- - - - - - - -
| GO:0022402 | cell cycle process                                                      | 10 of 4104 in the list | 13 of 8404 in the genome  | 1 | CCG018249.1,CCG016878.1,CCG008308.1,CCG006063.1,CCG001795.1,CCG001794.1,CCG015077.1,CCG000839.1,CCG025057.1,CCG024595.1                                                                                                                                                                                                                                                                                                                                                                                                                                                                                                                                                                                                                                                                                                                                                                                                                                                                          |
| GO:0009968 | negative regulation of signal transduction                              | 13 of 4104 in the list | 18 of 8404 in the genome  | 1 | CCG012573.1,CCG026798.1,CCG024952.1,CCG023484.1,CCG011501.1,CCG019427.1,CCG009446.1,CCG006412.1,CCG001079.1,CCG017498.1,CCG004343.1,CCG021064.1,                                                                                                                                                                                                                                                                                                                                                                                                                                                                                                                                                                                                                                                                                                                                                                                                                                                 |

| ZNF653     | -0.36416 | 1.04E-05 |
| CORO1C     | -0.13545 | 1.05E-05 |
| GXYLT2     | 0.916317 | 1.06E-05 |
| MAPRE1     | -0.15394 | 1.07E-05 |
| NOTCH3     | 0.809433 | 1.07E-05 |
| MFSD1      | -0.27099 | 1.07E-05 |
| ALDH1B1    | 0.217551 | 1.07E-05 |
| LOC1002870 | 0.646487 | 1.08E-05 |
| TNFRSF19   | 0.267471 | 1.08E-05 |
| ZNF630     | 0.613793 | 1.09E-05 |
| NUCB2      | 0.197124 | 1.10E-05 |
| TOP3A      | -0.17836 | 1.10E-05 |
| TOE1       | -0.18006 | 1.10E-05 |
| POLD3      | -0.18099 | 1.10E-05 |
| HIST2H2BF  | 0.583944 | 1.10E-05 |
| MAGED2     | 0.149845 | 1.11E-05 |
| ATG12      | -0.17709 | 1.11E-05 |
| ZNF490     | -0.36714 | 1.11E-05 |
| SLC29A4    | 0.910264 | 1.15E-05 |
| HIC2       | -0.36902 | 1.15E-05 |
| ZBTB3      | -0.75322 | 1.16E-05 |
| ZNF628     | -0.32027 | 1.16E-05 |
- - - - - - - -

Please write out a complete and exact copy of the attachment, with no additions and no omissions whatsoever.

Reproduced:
| GO:0022402 | cell cycle process                                                      | 10 of 4104 in the list | 13 of 8404 in the genome  | 1 | CCG018249.1,CCG016878.1,CCG008308.1,CCG006063.1,CCG001795.1,CCG001794.1,CCG015077.1,CCG000839.1,CCG025057.1,CCG024595.1                                                                                                                                                                                                                                                                                                                                                                                                                                                                                                                                                                                                                                                                                                                                                                                                                                                                          |
| GO:0009968 | negative regulation of signal transduction                              | 13 of 4104 in the list | 18 of 8404 in the genome  | 1 | CCG012573.1,CCG026798.1,CCG024952.1,CCG023484.1,CCG011501.1,CCG019427.1,CCG009446.1,CCG006412.1,CCG001079.1,CCG017498.1,CCG004343.1,CCG021064.1,                                                                                                                                                                                                                                                                                                                                                                                                                                                                                                                                                                                                                                                                                                                                                                                                                                                 |

| ZNF653     | -0.36416 | 1.04E-05 |
| CORO1C     | -0.13545 | 1.05E-05 |
| GXYLT2     | 0.916317 | 1.06E-05 |
| MAPRE1     | -0.15394 | 1.07E-05 |
| NOTCH3     | 0.809433 | 1.07E-05 |
| MFSD1      | -0.27099 | 1.07E-05 |
| ALDH1B1    | 0.217551 | 1.07E-05 |
| LOC1002870 | 0.646487 | 1.08E-05 |
| TNFRSF19   | 0.267471 | 1.08E-05 |
| ZNF630     | 0.613793 | 1.09E-05 |
| NUCB2      | 0.197124 | 1.10E-05 |
| TOP3A      | -0.17836 | 1.10E-05 |
| TOE1       | -0.18006 | 1.10E-05 |
| POLD3      | -0.18099 | 1.10E-05 |
| HIST2H2BF  | 0.583944 | 1.10E-05 |
| MAGED2     | 0.149845 | 1.11E-05 |
| ATG12      | -0.17709 | 1.11E-05 |
| ZNF490     | -0.36714 | 1.11E-05 |
| SLC29A4    | 0.910264 | 1.15E-05 |
| HIC2       | -0.36902 | 1.15E-05 |
| ZBTB3      | -0.75322 | 1.16E-05 |
| ZNF628     | -0.32027 | 1.16E-05 |